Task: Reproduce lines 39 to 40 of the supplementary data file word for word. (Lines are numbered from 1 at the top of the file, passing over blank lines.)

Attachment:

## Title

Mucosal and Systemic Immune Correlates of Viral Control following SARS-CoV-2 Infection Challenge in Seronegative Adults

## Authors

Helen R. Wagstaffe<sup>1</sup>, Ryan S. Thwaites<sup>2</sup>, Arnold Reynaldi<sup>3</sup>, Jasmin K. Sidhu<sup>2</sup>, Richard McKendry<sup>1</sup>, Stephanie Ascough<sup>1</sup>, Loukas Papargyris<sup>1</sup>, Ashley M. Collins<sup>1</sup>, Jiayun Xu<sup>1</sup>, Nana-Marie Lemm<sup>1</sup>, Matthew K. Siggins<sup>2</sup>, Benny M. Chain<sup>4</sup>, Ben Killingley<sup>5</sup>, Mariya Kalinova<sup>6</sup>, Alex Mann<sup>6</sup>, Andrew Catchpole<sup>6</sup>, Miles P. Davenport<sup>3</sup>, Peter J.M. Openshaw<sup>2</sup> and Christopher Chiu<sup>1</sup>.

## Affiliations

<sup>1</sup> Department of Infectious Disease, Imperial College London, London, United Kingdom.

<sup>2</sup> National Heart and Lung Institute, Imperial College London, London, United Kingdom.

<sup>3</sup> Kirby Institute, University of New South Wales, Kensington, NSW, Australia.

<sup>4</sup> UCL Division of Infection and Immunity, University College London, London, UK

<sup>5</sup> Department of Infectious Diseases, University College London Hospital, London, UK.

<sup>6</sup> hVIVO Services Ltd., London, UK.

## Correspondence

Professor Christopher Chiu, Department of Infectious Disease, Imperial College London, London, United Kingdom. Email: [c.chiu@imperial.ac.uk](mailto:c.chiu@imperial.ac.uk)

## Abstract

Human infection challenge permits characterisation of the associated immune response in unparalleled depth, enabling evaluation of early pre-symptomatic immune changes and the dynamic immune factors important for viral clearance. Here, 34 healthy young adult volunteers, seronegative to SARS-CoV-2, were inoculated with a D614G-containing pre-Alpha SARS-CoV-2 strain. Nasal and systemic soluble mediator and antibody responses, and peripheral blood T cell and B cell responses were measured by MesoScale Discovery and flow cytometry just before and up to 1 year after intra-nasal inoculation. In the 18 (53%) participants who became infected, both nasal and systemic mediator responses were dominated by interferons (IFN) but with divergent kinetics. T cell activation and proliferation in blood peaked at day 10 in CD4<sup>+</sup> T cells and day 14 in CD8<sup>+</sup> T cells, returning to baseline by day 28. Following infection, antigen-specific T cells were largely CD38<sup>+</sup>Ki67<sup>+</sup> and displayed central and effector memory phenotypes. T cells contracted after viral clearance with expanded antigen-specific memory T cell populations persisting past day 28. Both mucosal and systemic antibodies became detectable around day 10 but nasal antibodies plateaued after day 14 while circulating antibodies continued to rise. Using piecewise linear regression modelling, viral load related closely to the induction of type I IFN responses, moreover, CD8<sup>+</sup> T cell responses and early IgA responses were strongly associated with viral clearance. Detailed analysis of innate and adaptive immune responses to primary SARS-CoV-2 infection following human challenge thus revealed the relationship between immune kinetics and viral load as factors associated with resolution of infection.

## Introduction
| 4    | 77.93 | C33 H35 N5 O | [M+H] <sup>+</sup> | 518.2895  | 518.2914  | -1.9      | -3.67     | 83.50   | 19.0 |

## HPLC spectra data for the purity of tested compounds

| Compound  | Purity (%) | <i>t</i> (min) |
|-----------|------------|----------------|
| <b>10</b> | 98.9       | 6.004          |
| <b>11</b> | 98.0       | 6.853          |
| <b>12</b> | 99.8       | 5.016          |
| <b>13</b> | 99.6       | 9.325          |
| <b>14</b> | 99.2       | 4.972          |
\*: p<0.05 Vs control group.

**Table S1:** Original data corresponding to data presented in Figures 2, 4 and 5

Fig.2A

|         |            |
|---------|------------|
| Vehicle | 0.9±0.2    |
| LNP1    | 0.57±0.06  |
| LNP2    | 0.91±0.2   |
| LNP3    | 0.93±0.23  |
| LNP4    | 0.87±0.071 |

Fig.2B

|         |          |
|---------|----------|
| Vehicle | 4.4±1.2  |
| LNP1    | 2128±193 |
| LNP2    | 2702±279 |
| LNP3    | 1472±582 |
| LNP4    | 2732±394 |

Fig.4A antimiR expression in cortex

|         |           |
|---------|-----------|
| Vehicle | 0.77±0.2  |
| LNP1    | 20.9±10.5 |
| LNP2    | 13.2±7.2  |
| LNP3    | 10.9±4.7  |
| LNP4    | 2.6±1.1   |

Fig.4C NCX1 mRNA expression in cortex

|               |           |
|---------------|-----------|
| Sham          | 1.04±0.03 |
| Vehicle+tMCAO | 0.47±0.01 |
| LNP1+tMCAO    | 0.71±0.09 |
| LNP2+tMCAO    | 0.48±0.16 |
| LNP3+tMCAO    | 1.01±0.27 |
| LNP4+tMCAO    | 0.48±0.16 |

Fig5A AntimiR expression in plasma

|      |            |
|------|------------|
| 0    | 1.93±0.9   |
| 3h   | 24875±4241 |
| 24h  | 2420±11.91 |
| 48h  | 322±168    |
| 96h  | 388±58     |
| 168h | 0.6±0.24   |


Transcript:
| Vehicle | 4.4±1.2  |
| LNP1    | 2128±193 |